The 1967 Ferrari Dino was created as a tribute to the automotive icon’s lost son

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If he hadn’t died, Dino Ferrari would have had the racing world in the palm of his hand. As Enzo’s son, it was Dino’s destiny to one day take over the reins of the business his father had founded, a business with a closet full of exotic automobiles and checkered flags. Instead, a young man died after living only 24 years.

Dino never ruled the Ferrari kingdom, but his father, as a tribute to his son, commissioned a rolling automobile monument. In the end, Dino would become more famous in death than in life.

Even still, arguments continue to this day as to whether Enzo Ferrari’s magnificent Dino sports car is, in fact, a real Ferrari. On the one hand, none have the Ferrari name or its famous logo. Il Commendatore, as Enzo was respectfully called, made it clear that only a simple “Dino” nameplate was to be displayed on the nose of his creation. And what could it be called a real Ferrari when the engine – a V-6 and not the usual V-12 – was largely the creation of Fiat, the giant car conglomerate that would end up buying Ferrari in 1969?

On the flip side, Enzo ordered the Dino in the hopes that a whole new line of smaller, lighter exotics would bear his son’s name. When it comes to the powertrain, Ferrari engineers handled all of the design work and built many of its key components at the plant in Maranello, Italy. Fiat simply supplied the block and a few other accessories to Ferrari’s specifications.

To prove this point, some Dino owners have gone so far as to place Ferrari badges on what they believe to be the genuine item. Whether they do it out of pride or to counter criticism is hard to say. In the end, the ongoing controversy would probably not amuse the founder of the company, who held the memory of his son sacred. In the years following Dino’s death in 1956 due to his failing health, his father was rarely seen without a black tie, a sign of perpetual mourning.

When the first mid-engined Dino was presented at the 1965 Paris Auto Show, the world was just beginning to discover the benefits of manipulating engine positioning behind the passenger compartment. The body, designed by Italian studio Pininfarina, was a knockout. It featured curved front fenders, deeply recessed headlights, a steeply angled windshield, and a “flying buttress” rear roofline that surrounded the integrated rear window with a plunging sail on either side. It was a real beauty.

Two years later, the Dino 206 GT (the numbers represented the engine’s displacement of 2.0 liters and its six cylinders) entered production. Among the many innovations were its transversely (sideways) mounted engine, fully independent suspension, five-speed gearbox, four-wheel disc brakes and rack-and-pinion steering. These characteristics had been harvested from Ferrari’s vast racing experience and converted to road use. The unique frame was made from tubular steel, to which hand-formed aluminum body panels were attached.

The finished product was small, but visually appealing nonetheless. Unfortunately, it was also noisy and uncomfortable to sit on, and some semblance of luggage space was missing. More importantly, the alloy engine required almost constant maintenance. Intended for the European market, only 100 of these 180 horsepower Dino were made during its short lifespan.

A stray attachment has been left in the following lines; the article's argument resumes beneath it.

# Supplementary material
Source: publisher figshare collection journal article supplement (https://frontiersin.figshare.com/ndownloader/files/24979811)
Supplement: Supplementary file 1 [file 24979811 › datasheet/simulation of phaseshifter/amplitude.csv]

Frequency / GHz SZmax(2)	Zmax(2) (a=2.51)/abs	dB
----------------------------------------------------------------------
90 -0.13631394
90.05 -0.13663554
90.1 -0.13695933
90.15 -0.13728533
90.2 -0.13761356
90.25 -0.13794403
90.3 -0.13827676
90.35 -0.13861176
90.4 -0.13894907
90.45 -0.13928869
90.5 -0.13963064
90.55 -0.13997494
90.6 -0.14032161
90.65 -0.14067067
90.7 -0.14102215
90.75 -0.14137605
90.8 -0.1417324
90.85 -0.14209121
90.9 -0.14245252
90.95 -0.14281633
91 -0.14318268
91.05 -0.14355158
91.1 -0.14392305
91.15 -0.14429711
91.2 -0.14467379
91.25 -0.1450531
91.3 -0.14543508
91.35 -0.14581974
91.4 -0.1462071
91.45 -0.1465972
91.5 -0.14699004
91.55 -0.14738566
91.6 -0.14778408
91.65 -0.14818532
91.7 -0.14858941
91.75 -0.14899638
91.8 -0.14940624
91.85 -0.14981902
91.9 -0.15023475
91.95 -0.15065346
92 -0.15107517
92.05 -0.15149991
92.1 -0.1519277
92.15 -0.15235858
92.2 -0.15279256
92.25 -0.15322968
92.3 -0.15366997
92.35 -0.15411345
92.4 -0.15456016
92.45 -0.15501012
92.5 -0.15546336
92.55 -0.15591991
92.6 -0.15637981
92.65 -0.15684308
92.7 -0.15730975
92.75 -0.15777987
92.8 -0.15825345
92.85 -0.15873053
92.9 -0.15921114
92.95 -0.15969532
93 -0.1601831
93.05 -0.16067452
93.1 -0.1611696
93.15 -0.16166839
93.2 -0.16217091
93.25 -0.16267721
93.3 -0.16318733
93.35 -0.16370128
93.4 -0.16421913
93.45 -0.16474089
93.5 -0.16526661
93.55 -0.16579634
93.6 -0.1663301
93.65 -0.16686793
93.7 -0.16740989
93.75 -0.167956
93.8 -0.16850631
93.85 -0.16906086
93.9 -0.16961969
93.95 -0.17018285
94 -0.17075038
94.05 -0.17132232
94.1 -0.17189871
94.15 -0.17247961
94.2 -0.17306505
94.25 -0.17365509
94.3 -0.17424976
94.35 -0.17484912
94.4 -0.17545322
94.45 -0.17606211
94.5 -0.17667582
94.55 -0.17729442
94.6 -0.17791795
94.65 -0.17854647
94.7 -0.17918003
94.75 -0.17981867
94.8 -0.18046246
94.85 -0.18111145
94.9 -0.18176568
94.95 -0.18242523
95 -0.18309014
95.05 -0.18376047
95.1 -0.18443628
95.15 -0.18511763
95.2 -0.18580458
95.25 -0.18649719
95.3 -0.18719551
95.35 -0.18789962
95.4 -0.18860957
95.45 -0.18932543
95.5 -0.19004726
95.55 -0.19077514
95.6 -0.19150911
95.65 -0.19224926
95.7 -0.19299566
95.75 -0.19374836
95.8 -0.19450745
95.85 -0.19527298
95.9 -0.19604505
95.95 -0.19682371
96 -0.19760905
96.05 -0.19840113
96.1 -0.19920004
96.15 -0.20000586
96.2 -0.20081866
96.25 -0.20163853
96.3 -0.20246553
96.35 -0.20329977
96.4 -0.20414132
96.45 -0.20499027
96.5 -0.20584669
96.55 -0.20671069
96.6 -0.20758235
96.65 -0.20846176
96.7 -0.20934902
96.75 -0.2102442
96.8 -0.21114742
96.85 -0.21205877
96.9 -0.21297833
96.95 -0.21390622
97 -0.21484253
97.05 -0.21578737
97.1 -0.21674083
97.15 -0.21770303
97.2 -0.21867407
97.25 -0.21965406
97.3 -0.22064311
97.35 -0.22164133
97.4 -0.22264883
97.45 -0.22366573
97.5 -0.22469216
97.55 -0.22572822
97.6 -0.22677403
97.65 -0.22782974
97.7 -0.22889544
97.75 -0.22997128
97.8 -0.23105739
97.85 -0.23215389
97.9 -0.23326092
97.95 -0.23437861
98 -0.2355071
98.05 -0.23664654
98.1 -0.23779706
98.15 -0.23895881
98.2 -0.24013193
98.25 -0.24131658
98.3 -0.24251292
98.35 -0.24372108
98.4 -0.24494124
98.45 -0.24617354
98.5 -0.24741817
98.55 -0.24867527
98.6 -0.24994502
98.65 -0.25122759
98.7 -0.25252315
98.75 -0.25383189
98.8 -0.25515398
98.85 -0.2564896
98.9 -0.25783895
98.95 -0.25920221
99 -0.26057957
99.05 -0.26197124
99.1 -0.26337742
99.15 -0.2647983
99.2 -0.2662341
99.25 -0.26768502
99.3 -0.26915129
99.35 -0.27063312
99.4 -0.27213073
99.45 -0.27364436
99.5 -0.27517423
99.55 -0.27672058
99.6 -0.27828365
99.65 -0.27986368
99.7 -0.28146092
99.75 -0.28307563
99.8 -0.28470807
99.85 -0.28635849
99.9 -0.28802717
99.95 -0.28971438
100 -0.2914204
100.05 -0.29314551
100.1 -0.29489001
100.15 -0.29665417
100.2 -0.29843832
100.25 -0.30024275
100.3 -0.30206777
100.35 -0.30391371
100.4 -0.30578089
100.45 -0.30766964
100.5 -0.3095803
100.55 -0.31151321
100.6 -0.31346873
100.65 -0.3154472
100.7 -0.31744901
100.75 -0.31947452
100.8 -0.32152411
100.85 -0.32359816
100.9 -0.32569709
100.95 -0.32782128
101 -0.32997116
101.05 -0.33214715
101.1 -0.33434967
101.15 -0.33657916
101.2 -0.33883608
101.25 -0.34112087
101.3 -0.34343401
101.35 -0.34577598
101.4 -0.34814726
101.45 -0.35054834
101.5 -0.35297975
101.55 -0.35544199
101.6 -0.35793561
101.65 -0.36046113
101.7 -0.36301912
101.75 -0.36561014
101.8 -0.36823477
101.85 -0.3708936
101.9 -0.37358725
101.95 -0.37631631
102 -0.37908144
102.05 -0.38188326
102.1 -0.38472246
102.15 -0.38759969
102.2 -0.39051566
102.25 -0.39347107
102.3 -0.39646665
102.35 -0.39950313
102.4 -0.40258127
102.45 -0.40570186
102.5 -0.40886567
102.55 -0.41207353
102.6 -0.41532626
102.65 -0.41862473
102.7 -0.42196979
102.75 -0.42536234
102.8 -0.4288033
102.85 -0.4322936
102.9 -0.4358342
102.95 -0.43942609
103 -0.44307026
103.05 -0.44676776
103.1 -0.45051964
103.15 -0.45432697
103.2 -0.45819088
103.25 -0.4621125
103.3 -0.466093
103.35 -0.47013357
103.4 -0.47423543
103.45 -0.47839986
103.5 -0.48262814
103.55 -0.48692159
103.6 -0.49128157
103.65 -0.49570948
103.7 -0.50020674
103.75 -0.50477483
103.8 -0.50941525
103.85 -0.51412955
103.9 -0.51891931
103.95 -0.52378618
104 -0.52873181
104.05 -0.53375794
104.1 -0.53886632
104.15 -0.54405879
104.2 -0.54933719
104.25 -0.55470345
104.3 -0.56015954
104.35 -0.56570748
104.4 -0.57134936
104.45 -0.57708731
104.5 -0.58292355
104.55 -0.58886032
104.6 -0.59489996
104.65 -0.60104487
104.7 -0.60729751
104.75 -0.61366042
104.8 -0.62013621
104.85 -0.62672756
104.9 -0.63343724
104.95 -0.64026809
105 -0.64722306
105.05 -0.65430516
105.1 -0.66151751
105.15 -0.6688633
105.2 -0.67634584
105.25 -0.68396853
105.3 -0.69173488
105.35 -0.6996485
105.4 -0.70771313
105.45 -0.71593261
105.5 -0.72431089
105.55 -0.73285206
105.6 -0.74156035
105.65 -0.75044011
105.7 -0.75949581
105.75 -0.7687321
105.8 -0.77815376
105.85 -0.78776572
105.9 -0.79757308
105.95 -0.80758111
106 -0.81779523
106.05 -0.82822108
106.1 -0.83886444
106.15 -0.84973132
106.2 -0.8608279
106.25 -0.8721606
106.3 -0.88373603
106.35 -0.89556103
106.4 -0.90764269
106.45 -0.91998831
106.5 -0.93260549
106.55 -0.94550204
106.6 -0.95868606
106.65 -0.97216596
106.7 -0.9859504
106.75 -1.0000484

But Enzo refused to give up his derivative brand and in 1969 released the improved 246 GT. Not only did it have a longer wheelbase (and more cockpit space), but it offered a 195-horsepower 2.4-liter V6 with a cast-iron engine block.

Weighing just 1,000 kilograms, the Dino could reach 60 mph (96 km / h) at rest in seven seconds and reach a top speed of 140 mph (225 km / h). Those numbers weren’t even close to the 12-cylinder Ferrari Daytona coupes (zero to 60 in 5.4 seconds and a top speed of 170 mph-270 km / h) that were sold alongside the Dino at dealerships. Ferrari in Europe and, by that time, North America.

In its defense, the Dino was at least $ 5,000 cheaper (about 25%) and could easily outperform its faster parent. It was also, in the minds of many people, more beautiful. As a result, Dino’s sales crushed those of its more expensive rival.

In 1972, the car’s cuteness factor was on the rise with the arrival of the targa-roofed 246 GTS. With its top panels removed, the sports coupe turned roadster was more practical and even more beautiful.

Critics continued to harass the Dino’s hoarse engine and mechanical noises that could stifle normal conversation in the cockpit, but their complaints were never addressed. To purists, these sounds were like a concerto to the ears and a necessary and desirable part of the Ferrari experience.

Production ended in 1974 after the construction of some 4,000 cars. Like the son Enzo Ferrari had lost years earlier, there would only be the one and only Dino.

Whether or not they bear the name of a modernized Ferrari, the Dino remains one of the company’s most grandiose accomplishments – and one of the proudest of a father.

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